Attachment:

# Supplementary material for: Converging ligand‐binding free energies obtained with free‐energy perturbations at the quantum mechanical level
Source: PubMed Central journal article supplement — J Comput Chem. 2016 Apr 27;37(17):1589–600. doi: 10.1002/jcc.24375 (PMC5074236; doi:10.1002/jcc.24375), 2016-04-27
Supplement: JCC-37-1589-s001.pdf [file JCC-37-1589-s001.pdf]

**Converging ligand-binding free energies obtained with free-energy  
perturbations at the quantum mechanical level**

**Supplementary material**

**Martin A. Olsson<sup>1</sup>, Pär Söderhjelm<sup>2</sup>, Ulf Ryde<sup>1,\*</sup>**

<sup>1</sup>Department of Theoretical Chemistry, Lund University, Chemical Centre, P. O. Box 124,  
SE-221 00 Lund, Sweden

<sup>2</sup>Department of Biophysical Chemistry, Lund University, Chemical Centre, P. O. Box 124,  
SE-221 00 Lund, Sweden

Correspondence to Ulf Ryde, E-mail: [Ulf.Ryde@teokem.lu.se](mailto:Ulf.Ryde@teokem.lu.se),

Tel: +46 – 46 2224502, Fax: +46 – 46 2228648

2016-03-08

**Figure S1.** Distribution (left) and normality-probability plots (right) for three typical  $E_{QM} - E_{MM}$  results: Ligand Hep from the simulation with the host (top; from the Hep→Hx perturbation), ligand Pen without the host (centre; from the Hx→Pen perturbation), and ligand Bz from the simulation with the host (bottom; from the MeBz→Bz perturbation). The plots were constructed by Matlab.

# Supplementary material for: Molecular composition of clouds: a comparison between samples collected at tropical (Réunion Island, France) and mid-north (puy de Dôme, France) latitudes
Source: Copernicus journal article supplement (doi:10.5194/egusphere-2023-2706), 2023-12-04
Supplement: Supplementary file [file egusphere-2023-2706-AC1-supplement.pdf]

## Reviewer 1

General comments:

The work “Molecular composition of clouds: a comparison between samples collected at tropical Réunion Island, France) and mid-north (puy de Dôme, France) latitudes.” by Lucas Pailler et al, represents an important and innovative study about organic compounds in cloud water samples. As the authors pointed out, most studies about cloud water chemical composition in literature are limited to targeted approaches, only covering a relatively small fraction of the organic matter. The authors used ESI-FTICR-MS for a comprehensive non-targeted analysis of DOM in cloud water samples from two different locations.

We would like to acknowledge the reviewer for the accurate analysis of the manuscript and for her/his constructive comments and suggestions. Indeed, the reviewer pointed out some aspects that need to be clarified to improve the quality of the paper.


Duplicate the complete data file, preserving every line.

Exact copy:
# Supplementary material for: Converging ligand‐binding free energies obtained with free‐energy perturbations at the quantum mechanical level
Source: PubMed Central journal article supplement — J Comput Chem. 2016 Apr 27;37(17):1589–600. doi: 10.1002/jcc.24375 (PMC5074236; doi:10.1002/jcc.24375), 2016-04-27
Supplement: JCC-37-1589-s001.pdf [file JCC-37-1589-s001.pdf]

**Converging ligand-binding free energies obtained with free-energy  
perturbations at the quantum mechanical level**

**Supplementary material**

**Martin A. Olsson<sup>1</sup>, Pär Söderhjelm<sup>2</sup>, Ulf Ryde<sup>1,\*</sup>**

<sup>1</sup>Department of Theoretical Chemistry, Lund University, Chemical Centre, P. O. Box 124,  
SE-221 00 Lund, Sweden

<sup>2</sup>Department of Biophysical Chemistry, Lund University, Chemical Centre, P. O. Box 124,  
SE-221 00 Lund, Sweden

Correspondence to Ulf Ryde, E-mail: [Ulf.Ryde@teokem.lu.se](mailto:Ulf.Ryde@teokem.lu.se),

Tel: +46 – 46 2224502, Fax: +46 – 46 2228648

2016-03-08

**Figure S1.** Distribution (left) and normality-probability plots (right) for three typical  $E_{QM} - E_{MM}$  results: Ligand Hep from the simulation with the host (top; from the Hep→Hx perturbation), ligand Pen without the host (centre; from the Hx→Pen perturbation), and ligand Bz from the simulation with the host (bottom; from the MeBz→Bz perturbation). The plots were constructed by Matlab.

# Supplementary material for: Molecular composition of clouds: a comparison between samples collected at tropical (Réunion Island, France) and mid-north (puy de Dôme, France) latitudes
Source: Copernicus journal article supplement (doi:10.5194/egusphere-2023-2706), 2023-12-04
Supplement: Supplementary file [file egusphere-2023-2706-AC1-supplement.pdf]

## Reviewer 1

General comments:

The work “Molecular composition of clouds: a comparison between samples collected at tropical Réunion Island, France) and mid-north (puy de Dôme, France) latitudes.” by Lucas Pailler et al, represents an important and innovative study about organic compounds in cloud water samples. As the authors pointed out, most studies about cloud water chemical composition in literature are limited to targeted approaches, only covering a relatively small fraction of the organic matter. The authors used ESI-FTICR-MS for a comprehensive non-targeted analysis of DOM in cloud water samples from two different locations.

We would like to acknowledge the reviewer for the accurate analysis of the manuscript and for her/his constructive comments and suggestions. Indeed, the reviewer pointed out some aspects that need to be clarified to improve the quality of the paper.